A typical parabolic flight campaign involves three flights and requires a week of on-site preparation. Each flight offers 31 periods of weightlessness. The aircraft can also fly in arcs that provide lunar or martian gravity levels by adjusting the angle of attack of the wings. Each flight of this particular campaign will split the gravity states, flying one third of parabolas at martian-G, one third at lunar-G, and one third at zero-G.
The aircraft flies close to maximum speed and pulls the nose up to a 45° angle, then cuts the power to fall over the top of the curve. Whilst falling freely the passengers and experiments experience around 20 seconds of microgravity, until the plane is angled 45° nose-down, before pulling out of the dive to level off with normal flight.
These “pull up” and “pull out” manoeuvres before and after the weightless period increase gravity inside the plane up to 2g, but that is just part of the ride, repeated every three minutes for almost two hours.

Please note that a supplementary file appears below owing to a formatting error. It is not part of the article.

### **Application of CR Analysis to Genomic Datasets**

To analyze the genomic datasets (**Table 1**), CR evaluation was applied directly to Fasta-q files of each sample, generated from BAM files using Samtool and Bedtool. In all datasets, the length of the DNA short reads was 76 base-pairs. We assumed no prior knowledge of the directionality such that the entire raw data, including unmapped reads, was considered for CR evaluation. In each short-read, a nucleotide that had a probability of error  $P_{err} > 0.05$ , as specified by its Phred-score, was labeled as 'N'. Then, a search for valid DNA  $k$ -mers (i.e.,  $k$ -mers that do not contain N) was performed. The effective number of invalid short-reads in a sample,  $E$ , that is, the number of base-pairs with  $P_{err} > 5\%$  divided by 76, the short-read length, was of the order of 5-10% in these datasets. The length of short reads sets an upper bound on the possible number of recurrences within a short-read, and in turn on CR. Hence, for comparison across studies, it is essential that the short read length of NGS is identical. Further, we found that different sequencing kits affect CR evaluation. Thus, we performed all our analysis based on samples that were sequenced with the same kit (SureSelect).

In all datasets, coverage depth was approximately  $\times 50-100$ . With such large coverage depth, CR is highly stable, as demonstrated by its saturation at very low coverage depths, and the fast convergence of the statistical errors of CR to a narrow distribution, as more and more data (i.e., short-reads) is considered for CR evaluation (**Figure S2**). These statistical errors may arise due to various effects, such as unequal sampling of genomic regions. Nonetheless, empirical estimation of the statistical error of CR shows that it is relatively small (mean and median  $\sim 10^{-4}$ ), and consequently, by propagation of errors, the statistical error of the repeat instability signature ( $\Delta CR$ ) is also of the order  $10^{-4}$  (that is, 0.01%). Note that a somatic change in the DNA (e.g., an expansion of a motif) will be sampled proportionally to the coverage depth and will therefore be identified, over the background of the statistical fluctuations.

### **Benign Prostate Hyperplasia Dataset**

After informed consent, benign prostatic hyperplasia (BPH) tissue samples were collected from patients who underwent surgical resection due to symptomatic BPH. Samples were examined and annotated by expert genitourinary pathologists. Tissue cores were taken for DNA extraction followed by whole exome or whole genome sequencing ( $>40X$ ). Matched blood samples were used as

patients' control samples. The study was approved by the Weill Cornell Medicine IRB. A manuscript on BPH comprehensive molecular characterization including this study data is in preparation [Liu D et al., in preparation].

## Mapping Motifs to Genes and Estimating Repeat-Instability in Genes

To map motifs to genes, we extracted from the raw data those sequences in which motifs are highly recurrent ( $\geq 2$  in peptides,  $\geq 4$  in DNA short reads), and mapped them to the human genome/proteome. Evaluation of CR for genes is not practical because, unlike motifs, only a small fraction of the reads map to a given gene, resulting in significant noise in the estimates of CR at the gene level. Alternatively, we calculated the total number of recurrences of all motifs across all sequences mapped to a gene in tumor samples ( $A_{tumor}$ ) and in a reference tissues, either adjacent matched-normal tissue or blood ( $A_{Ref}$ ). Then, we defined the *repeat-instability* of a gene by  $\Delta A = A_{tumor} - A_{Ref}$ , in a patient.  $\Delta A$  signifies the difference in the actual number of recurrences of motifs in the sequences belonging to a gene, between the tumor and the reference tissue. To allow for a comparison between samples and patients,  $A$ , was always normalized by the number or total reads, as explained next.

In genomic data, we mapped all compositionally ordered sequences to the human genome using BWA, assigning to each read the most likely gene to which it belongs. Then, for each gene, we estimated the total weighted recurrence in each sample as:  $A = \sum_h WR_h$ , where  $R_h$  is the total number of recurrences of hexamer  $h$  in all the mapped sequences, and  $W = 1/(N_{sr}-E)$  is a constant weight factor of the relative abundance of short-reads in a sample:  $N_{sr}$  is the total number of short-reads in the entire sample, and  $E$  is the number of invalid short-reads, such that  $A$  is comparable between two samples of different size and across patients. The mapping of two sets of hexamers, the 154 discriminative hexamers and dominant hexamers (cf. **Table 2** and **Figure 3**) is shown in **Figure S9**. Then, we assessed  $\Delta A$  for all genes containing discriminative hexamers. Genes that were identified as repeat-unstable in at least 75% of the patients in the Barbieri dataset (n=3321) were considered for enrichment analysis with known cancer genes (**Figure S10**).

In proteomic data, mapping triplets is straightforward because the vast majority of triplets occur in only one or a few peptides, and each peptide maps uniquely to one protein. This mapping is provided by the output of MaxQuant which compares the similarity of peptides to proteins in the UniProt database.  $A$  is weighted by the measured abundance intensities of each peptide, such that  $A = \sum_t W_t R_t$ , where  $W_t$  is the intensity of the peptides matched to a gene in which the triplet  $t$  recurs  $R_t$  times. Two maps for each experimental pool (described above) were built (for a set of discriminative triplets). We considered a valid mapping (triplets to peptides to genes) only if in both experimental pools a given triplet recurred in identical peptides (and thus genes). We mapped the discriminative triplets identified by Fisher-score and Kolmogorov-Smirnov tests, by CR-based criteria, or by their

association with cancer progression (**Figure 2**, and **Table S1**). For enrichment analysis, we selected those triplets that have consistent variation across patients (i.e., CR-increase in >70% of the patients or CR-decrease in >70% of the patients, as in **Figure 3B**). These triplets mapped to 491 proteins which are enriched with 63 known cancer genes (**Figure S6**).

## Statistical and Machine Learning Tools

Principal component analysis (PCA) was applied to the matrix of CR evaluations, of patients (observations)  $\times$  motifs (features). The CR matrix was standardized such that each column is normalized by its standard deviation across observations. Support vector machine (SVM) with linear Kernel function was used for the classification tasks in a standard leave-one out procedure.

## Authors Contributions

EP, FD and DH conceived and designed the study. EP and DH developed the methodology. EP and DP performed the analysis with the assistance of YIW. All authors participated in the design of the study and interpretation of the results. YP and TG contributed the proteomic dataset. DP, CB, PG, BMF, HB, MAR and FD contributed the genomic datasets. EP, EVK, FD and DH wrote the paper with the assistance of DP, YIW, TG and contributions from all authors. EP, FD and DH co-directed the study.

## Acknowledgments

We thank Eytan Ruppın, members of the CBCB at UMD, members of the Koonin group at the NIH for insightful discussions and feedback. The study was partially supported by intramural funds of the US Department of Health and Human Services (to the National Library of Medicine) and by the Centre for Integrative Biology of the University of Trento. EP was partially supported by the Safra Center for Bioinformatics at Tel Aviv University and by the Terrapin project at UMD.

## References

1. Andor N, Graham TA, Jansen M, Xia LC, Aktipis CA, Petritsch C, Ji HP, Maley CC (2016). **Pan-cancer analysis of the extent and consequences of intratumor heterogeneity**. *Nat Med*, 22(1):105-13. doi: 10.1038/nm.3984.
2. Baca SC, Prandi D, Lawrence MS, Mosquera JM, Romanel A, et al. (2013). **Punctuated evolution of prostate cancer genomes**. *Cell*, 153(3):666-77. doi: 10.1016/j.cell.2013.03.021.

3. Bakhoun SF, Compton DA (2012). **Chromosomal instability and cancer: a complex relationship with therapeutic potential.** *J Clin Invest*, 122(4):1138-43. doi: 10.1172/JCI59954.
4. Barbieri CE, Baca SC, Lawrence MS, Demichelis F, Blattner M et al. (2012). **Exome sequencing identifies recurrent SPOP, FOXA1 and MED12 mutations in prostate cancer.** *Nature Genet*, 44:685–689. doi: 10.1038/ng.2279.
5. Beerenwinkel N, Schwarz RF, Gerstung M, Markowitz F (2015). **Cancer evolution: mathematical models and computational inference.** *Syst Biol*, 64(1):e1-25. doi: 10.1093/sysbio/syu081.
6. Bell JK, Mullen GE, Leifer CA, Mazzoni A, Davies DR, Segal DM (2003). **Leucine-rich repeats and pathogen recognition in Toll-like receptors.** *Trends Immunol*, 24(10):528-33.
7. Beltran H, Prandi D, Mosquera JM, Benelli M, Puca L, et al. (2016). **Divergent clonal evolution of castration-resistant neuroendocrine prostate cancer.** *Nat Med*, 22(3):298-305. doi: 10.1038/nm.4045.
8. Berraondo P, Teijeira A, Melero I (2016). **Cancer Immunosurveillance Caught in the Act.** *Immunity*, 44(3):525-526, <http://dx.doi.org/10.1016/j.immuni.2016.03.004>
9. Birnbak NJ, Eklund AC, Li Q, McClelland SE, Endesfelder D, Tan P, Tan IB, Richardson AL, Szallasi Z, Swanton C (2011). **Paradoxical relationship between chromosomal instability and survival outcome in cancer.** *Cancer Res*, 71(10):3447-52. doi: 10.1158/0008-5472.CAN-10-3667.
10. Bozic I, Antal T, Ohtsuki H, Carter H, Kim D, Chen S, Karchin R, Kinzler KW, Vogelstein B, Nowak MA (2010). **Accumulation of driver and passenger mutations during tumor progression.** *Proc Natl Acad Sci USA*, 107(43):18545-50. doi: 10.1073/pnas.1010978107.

The campaign is the fourth to take place under Covid-19 restrictions. Despite measures loosening across Europe, participants and coordinators adapted to safety measures: PCR tests were required to enter Germany, as well as rapid antigen or RT LAMP tests each day for every participant. Facilities on the ground as well as on board are adapted to allow for social distancing and cleanliness requirements. Surgical masks are worn at all times, and movement is restricted during the flights.
University students can also take part in a parabolic flight campaign thanks to the ESA Education Office’s Fly Your Thesis! programme. Masters and PhD students can propose their experiment, and upon selection, will be supported in preparing their experiment for the campaign by ESA Academy, ESA and Novespace experts. The 2022 Call for Proposals is now open.
What do astronauts, rockstars, scientists and communicators have in common? You’ll find some of the best at this year’s 5-hour live Asteroid Day broadcast, bringing to life the smallest known worlds in the Solar System – with the potential to make a huge impact here on Earth.